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JAMA. 1962;181(2):154-155. doi:10.1001/jama.1962.03050280084012.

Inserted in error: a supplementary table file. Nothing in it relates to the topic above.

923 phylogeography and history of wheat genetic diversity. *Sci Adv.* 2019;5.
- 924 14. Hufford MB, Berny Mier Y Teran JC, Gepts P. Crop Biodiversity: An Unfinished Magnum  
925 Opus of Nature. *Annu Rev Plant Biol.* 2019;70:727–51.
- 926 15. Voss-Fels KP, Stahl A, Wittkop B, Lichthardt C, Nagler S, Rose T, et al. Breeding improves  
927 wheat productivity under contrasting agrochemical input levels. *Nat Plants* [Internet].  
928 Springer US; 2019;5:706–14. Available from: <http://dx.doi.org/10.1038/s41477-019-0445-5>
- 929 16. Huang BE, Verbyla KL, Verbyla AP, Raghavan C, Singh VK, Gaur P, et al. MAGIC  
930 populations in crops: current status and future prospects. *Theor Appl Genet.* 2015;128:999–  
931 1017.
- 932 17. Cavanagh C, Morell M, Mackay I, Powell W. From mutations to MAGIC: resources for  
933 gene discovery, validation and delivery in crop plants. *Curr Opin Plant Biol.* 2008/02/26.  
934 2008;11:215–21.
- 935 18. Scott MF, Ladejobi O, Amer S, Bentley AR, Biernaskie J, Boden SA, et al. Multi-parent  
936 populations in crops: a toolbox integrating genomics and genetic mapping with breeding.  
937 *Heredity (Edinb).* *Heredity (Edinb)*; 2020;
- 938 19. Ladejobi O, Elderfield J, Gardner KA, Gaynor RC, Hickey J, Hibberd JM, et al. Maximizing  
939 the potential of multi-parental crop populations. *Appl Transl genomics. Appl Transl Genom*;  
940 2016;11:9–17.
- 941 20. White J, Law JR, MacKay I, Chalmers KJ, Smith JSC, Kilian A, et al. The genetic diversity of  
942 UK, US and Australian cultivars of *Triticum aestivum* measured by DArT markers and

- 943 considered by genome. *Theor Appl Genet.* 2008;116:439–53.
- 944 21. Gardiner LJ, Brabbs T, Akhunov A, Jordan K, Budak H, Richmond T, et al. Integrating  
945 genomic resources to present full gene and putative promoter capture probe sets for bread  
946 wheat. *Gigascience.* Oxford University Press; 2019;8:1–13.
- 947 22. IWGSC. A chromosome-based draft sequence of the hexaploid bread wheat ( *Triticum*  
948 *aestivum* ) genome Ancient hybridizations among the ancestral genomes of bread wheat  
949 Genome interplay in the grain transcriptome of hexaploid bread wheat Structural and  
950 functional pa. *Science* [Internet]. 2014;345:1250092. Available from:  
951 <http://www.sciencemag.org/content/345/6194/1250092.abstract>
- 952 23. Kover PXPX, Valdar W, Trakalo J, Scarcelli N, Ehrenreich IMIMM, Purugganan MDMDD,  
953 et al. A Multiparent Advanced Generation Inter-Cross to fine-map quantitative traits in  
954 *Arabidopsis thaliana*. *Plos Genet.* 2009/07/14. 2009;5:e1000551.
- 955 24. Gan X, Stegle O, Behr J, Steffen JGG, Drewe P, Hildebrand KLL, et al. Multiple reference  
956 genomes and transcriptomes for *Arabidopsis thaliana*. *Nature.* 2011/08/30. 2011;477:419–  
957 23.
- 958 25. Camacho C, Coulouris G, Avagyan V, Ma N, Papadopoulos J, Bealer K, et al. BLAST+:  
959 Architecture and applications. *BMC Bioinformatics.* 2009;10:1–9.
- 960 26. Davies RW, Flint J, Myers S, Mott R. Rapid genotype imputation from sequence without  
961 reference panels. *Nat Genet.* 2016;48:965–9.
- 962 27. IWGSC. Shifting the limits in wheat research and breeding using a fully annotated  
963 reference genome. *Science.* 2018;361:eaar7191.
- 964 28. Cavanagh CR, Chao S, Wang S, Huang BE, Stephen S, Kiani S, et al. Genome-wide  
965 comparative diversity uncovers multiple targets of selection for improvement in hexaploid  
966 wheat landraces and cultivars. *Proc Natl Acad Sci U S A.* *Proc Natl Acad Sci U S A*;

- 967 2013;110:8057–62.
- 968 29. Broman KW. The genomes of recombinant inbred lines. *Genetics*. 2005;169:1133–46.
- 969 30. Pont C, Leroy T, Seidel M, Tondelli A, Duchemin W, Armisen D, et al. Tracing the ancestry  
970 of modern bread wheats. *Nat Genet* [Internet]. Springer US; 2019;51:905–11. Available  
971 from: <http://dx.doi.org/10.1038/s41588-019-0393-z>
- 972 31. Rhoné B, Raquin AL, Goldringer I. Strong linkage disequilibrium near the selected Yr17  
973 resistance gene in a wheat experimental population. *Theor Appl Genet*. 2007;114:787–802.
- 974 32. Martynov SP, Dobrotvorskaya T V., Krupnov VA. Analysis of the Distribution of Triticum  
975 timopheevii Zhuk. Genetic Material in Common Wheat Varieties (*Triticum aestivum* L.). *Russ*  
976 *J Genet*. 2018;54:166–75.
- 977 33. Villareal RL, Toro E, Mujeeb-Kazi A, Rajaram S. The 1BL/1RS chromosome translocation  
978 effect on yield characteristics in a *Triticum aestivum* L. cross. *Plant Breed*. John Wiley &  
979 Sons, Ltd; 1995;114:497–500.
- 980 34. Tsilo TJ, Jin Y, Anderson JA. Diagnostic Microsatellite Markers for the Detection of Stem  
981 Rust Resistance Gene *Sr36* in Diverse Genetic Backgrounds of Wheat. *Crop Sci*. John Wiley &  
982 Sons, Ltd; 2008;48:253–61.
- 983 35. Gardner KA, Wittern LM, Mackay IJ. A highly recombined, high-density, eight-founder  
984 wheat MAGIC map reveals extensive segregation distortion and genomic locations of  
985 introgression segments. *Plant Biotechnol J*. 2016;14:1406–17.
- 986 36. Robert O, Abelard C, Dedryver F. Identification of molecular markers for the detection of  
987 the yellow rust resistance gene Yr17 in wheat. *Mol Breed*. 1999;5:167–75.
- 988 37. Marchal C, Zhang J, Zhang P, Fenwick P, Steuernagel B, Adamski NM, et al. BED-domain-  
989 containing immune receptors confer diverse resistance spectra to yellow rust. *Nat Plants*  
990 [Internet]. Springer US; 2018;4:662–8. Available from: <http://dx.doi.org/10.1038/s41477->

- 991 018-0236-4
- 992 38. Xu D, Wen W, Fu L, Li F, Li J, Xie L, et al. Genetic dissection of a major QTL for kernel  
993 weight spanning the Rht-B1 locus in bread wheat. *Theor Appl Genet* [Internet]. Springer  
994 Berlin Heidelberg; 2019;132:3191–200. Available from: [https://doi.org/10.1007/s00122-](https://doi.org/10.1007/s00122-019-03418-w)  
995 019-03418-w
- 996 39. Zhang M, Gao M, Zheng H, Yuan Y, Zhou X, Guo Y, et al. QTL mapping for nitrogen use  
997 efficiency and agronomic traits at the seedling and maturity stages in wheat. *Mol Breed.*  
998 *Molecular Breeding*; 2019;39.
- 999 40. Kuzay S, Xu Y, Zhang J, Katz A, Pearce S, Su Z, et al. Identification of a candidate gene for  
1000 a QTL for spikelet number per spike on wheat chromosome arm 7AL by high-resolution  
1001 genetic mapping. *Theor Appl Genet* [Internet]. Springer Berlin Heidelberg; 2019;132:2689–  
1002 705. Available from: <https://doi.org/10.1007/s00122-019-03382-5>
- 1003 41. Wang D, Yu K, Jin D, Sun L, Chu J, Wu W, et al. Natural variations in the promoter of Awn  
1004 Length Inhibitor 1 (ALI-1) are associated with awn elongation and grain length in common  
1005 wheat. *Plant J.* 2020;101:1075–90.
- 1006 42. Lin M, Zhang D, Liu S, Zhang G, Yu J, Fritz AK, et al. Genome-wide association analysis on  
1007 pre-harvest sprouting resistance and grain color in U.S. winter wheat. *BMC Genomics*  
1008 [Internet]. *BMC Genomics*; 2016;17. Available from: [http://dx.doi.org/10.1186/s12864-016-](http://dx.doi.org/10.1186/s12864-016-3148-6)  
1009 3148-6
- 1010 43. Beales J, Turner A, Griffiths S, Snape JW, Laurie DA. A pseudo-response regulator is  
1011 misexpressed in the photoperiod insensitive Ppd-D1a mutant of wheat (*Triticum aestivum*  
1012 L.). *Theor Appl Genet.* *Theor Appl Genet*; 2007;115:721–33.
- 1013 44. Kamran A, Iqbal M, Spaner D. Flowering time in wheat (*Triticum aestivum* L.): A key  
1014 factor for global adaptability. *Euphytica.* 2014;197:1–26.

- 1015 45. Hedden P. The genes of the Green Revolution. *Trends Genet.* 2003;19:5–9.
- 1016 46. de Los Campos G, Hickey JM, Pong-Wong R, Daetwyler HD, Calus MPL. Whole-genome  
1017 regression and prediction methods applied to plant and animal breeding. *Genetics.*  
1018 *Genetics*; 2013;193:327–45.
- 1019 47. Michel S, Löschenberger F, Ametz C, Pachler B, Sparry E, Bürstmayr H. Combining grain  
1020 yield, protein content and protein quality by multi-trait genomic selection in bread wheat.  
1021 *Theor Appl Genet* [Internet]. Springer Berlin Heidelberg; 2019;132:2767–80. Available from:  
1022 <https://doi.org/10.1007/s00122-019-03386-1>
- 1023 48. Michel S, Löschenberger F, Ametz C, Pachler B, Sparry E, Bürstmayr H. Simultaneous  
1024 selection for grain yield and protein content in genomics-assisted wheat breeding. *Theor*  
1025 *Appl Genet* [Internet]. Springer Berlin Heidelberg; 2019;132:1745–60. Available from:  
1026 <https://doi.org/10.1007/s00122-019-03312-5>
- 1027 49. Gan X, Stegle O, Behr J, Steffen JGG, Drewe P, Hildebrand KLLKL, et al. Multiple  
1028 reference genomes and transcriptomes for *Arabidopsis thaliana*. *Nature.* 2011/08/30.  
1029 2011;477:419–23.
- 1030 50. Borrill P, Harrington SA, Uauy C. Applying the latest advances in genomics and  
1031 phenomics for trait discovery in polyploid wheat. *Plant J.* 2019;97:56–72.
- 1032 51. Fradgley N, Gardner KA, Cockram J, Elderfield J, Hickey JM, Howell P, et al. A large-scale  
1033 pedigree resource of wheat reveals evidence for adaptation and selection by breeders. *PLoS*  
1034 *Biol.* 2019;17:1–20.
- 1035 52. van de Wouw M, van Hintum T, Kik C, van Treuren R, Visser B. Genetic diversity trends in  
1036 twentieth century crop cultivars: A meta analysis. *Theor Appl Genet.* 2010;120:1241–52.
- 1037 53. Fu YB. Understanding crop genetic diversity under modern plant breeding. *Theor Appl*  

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William Wood Gerhard (1809-1872), the most distinguished pupil of Louis, the great Parisian clinician of the 19th century, bested his teacher in the clear differentiation of typhus and typhoid fever. Previously, the diverse manifestations had been described and the afflicted treated as typhoid fever victims, without discrimination. Gerhard was born in Philadelphia, received his undergraduate training at nearby Dickinson College (founded by Benjamin Rush and others), and in 1830 obtained his doctorate in medicine at the University of Pennsylvania. His graduation thesis, which discussed endermic medication, was published in the North American Medical and Surgical Journal.1 Devotion to the community, a characteristic of loyal Philadelphians, was interrupted by residence elsewhere on one occasion only. This was a two-year period of postgraduate study in Paris, the medical center of the world at that time. Although Chomel, Andral, Piorry, and others were judged to be excellent teachers in Paris and offered


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